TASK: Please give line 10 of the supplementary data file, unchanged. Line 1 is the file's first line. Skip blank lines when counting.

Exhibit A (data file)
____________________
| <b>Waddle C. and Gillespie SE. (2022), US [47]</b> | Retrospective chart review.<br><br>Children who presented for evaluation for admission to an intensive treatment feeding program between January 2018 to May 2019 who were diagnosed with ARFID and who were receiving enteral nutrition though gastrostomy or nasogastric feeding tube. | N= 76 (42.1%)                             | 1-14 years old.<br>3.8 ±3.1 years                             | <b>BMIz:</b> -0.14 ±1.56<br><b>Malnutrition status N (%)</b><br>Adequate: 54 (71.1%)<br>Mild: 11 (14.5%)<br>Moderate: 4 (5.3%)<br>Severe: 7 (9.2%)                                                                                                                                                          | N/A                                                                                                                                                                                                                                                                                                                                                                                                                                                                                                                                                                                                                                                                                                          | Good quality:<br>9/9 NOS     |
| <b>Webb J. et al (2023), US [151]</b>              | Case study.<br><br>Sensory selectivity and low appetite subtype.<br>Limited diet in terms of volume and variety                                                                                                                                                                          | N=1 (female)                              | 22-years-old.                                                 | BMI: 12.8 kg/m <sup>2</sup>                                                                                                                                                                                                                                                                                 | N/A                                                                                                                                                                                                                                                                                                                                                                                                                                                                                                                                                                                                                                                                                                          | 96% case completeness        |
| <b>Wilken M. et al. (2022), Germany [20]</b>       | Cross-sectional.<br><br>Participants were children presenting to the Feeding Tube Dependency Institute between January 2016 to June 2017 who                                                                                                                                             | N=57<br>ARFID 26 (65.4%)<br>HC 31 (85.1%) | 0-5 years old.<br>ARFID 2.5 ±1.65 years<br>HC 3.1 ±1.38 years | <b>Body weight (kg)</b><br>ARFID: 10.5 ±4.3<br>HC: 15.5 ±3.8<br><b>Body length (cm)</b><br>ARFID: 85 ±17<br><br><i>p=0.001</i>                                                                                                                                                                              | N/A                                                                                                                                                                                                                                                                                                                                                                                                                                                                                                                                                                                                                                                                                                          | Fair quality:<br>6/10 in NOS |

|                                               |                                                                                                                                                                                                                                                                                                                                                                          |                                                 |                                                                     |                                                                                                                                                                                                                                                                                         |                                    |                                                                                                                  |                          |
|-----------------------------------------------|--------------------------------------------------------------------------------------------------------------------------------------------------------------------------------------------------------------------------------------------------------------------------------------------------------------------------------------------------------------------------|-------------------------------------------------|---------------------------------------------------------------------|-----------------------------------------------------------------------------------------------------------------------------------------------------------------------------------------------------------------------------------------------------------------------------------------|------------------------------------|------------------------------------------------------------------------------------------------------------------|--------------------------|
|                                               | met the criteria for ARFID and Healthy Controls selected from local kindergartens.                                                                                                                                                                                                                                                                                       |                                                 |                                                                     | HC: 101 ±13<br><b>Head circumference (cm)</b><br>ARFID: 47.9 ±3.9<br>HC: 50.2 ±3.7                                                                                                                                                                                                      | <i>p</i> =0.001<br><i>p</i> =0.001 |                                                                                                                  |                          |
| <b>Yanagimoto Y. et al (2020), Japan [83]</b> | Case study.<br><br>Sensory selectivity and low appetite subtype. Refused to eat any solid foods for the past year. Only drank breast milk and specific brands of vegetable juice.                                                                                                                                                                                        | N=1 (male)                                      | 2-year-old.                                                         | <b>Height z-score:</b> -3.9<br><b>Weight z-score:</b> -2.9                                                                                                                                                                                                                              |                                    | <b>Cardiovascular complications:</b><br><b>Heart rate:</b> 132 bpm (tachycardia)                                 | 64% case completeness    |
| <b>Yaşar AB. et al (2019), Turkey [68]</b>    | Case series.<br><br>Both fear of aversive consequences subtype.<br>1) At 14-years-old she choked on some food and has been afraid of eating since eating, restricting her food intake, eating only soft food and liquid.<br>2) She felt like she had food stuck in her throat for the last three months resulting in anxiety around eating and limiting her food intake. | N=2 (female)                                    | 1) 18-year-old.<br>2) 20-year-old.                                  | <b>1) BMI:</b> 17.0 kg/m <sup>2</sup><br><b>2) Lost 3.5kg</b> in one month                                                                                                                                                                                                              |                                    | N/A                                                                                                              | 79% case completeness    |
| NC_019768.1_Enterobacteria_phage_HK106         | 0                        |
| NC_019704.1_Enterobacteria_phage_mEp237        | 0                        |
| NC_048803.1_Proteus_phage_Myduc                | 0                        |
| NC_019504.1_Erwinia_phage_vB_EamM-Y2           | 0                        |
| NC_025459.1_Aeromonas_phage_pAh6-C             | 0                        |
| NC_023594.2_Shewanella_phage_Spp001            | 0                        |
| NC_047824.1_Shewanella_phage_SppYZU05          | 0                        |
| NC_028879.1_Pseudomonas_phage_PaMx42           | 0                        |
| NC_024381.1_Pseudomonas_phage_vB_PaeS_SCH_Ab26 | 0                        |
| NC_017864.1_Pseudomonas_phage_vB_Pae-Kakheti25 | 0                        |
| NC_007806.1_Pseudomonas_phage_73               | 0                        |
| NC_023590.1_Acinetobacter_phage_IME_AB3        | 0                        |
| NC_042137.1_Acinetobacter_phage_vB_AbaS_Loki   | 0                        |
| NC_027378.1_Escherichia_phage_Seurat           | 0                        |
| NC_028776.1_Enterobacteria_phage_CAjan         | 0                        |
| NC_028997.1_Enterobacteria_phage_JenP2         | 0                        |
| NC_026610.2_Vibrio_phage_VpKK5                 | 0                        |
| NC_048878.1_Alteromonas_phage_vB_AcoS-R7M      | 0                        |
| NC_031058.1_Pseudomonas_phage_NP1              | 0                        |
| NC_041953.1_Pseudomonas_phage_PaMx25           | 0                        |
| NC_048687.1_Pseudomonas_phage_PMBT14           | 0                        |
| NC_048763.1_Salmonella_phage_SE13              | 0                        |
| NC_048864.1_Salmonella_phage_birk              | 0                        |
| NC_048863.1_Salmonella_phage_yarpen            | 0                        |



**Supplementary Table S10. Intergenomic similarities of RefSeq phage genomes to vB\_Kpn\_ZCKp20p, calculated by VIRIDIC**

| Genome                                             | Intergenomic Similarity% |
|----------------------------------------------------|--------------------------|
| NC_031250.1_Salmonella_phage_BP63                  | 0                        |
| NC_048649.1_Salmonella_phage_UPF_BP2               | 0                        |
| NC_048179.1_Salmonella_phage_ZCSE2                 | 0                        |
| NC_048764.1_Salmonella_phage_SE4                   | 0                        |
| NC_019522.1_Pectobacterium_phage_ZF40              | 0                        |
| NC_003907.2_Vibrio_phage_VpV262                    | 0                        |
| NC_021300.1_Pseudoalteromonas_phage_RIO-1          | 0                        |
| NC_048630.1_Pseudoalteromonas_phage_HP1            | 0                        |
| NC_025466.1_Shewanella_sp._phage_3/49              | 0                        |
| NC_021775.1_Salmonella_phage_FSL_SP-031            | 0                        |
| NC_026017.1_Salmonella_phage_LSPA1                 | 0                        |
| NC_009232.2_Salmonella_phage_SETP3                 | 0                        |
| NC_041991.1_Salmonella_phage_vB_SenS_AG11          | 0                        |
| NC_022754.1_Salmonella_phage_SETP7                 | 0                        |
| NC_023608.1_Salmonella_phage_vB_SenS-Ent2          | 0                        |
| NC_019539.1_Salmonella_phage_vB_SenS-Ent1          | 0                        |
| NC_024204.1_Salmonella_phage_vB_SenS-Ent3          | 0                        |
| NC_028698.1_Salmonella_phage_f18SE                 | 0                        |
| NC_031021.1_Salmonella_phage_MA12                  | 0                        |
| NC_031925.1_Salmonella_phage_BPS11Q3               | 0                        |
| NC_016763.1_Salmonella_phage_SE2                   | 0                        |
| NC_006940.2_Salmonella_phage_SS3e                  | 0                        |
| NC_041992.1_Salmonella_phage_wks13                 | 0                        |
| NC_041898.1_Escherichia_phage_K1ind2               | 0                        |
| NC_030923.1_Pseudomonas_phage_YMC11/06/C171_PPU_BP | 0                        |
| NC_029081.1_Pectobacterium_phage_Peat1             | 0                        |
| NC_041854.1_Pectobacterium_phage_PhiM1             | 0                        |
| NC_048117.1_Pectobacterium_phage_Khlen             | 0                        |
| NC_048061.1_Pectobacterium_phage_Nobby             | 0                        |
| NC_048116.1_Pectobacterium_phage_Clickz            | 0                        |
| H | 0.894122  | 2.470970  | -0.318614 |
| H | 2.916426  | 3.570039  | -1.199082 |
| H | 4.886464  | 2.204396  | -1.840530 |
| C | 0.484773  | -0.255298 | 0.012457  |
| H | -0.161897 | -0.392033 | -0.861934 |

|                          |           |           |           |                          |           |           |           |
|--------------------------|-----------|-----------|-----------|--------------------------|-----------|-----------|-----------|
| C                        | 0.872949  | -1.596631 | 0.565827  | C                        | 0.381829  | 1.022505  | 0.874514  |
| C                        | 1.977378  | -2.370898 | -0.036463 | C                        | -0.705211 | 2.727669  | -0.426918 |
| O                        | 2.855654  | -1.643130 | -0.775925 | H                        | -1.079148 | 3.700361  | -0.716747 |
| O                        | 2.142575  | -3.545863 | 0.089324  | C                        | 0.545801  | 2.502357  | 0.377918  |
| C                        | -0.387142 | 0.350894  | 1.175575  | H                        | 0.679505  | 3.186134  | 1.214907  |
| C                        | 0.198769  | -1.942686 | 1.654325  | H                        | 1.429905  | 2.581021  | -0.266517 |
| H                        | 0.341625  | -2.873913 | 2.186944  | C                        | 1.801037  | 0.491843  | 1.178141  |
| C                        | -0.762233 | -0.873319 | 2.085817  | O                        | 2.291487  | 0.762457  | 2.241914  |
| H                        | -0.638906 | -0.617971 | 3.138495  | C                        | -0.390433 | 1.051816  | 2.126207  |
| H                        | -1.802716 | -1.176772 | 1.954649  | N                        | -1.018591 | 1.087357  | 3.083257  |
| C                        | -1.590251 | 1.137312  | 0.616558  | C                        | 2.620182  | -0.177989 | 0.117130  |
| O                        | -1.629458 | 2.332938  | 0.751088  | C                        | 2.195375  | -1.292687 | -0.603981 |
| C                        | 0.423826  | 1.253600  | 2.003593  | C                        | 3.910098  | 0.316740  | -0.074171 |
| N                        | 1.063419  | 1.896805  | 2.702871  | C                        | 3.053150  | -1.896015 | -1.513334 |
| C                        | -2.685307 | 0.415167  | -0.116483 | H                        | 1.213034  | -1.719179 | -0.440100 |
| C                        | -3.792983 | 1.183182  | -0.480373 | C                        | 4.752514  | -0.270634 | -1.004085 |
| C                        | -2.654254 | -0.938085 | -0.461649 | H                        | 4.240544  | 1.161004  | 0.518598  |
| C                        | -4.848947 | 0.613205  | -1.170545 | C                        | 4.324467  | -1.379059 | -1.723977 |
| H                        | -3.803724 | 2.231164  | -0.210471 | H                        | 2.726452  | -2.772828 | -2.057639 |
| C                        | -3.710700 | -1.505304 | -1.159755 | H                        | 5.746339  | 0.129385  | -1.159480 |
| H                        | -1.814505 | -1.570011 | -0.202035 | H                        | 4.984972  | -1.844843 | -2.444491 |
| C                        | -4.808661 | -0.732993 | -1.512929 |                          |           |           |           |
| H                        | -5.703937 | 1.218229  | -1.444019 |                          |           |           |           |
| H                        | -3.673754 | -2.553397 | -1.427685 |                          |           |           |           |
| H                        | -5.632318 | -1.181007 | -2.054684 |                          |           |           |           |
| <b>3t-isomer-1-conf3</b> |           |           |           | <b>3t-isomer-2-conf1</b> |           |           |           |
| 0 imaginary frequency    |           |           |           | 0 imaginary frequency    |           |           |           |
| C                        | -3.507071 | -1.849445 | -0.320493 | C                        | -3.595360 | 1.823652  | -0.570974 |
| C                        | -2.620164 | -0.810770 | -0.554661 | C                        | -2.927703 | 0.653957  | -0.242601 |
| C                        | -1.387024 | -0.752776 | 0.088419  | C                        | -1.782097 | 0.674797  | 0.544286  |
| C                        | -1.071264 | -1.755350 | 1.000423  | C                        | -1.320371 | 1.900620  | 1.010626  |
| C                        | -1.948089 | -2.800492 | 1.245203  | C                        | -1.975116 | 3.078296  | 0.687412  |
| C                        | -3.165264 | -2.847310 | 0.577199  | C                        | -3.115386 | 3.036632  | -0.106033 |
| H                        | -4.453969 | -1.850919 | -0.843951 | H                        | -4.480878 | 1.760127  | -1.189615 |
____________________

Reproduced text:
| NC_019704.1_Enterobacteria_phage_mEp237        | 0                        |